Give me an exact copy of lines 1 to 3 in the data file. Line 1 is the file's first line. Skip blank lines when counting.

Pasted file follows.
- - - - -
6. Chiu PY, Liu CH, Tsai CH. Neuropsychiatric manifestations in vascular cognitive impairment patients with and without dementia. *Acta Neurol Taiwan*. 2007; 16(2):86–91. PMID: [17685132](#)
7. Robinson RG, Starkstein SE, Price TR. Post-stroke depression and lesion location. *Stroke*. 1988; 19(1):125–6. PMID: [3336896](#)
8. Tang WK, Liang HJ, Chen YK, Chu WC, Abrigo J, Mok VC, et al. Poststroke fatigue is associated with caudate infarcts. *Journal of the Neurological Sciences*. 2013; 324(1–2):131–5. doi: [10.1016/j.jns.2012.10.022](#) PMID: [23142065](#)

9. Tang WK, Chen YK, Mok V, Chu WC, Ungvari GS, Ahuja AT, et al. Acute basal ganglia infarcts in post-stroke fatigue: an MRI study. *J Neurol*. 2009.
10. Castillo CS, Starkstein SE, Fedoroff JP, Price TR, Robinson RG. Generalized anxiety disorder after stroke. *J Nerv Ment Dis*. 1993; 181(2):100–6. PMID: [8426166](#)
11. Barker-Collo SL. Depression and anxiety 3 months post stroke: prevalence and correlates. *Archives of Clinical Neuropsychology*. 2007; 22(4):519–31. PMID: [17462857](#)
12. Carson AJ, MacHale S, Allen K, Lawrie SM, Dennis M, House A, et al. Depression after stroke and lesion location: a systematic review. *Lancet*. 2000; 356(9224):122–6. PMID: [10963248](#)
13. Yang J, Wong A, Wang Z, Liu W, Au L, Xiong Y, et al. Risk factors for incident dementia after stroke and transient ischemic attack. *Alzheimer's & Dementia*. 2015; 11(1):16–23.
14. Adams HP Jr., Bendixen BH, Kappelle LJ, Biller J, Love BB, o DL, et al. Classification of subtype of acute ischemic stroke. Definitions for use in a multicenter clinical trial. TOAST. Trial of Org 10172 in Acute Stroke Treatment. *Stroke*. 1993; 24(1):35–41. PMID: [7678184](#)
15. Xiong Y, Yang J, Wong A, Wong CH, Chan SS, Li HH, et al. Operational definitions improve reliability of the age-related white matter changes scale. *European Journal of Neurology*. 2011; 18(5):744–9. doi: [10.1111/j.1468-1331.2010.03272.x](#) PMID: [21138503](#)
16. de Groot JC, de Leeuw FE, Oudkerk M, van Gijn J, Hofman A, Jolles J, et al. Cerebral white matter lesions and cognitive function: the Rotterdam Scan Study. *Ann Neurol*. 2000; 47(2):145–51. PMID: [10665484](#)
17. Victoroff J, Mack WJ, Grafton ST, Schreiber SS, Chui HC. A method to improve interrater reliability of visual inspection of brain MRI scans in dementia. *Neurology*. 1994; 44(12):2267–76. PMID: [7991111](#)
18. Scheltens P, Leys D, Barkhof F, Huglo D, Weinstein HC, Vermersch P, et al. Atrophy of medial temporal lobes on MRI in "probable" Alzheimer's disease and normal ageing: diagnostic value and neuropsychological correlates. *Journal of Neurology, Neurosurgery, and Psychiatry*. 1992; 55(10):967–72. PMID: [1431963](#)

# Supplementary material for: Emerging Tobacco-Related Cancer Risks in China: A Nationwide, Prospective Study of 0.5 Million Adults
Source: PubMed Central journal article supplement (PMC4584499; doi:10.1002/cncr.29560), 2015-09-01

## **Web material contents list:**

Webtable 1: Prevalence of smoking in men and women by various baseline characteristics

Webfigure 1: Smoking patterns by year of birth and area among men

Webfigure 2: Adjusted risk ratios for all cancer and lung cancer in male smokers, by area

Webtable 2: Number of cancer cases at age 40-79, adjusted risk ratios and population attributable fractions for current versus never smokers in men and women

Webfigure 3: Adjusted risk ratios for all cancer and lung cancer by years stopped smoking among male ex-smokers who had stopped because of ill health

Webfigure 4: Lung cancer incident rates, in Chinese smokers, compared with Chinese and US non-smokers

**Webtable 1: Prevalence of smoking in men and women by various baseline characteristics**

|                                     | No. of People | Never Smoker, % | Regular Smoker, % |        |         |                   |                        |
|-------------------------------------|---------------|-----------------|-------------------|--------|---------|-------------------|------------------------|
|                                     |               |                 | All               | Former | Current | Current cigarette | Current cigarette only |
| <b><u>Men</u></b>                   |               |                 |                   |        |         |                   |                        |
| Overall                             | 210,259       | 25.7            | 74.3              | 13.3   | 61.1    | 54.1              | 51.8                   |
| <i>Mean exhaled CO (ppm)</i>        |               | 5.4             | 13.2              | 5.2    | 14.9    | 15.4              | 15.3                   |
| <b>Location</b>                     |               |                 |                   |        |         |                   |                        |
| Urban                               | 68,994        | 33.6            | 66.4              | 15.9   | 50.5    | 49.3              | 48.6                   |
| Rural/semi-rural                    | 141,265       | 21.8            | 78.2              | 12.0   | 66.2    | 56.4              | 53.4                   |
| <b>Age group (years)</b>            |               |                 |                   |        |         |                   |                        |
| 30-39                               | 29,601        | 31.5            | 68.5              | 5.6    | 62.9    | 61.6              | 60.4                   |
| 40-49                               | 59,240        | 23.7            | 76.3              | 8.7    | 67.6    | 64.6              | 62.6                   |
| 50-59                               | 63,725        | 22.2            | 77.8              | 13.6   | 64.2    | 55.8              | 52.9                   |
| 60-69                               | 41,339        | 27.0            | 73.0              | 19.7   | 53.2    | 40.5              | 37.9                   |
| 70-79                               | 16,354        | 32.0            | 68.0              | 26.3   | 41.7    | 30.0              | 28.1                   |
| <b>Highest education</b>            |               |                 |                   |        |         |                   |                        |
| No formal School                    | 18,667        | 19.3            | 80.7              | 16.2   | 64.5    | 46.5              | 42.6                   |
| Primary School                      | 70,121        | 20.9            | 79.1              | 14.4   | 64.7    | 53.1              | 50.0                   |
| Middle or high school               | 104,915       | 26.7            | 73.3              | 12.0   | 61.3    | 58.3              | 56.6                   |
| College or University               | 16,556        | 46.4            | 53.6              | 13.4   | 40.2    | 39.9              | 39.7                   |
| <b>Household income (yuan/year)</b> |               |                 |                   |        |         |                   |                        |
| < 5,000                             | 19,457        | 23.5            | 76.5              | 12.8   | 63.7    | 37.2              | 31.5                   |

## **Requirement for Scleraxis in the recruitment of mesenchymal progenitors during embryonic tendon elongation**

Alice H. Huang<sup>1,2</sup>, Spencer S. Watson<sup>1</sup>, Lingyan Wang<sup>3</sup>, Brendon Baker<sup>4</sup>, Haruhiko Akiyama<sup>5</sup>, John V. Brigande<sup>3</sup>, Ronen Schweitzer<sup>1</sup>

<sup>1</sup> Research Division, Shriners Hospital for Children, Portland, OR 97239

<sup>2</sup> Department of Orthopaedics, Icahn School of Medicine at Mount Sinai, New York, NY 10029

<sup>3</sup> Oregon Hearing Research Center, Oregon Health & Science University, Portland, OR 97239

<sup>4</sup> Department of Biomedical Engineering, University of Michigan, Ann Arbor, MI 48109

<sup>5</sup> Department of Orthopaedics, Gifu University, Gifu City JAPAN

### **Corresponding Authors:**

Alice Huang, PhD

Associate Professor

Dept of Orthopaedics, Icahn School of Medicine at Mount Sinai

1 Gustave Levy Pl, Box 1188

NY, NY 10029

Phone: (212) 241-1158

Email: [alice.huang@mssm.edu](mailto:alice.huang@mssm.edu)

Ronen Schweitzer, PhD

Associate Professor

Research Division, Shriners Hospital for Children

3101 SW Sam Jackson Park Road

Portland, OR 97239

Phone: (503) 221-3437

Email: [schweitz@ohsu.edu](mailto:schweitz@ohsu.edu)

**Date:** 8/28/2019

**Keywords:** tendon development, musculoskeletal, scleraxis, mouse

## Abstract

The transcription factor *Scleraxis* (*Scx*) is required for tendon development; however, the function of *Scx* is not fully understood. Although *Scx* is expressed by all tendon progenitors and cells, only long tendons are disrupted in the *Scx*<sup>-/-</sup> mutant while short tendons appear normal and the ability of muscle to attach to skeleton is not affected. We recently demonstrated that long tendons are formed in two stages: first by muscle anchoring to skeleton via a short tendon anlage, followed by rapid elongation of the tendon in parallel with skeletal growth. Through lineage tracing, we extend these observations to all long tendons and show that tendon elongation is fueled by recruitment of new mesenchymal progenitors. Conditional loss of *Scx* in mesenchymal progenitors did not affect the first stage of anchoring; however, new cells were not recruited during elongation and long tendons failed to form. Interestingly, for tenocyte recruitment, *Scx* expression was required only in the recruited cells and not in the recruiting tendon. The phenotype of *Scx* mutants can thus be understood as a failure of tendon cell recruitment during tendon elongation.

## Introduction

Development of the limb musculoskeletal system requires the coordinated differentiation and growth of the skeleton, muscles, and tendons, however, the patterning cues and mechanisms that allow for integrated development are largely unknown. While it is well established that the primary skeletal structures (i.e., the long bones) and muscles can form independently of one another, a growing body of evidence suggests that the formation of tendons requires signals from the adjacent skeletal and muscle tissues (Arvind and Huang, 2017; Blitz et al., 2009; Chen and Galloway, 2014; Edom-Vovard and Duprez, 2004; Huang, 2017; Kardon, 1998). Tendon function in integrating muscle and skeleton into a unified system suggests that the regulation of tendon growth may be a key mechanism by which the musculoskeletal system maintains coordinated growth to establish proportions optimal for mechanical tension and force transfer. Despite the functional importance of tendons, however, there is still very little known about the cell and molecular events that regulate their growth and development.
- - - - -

6. Chiu PY, Liu CH, Tsai CH. Neuropsychiatric manifestations in vascular cognitive impairment patients with and without dementia. *Acta Neurol Taiwan*. 2007; 16(2):86–91. PMID: [17685132](#)
7. Robinson RG, Starkstein SE, Price TR. Post-stroke depression and lesion location. *Stroke*. 1988; 19(1):125–6. PMID: [3336896](#)
8. Tang WK, Liang HJ, Chen YK, Chu WC, Abrigo J, Mok VC, et al. Poststroke fatigue is associated with caudate infarcts. *Journal of the Neurological Sciences*. 2013; 324(1–2):131–5. doi: [10.1016/j.jns.2012.10.022](#) PMID: [23142065](#)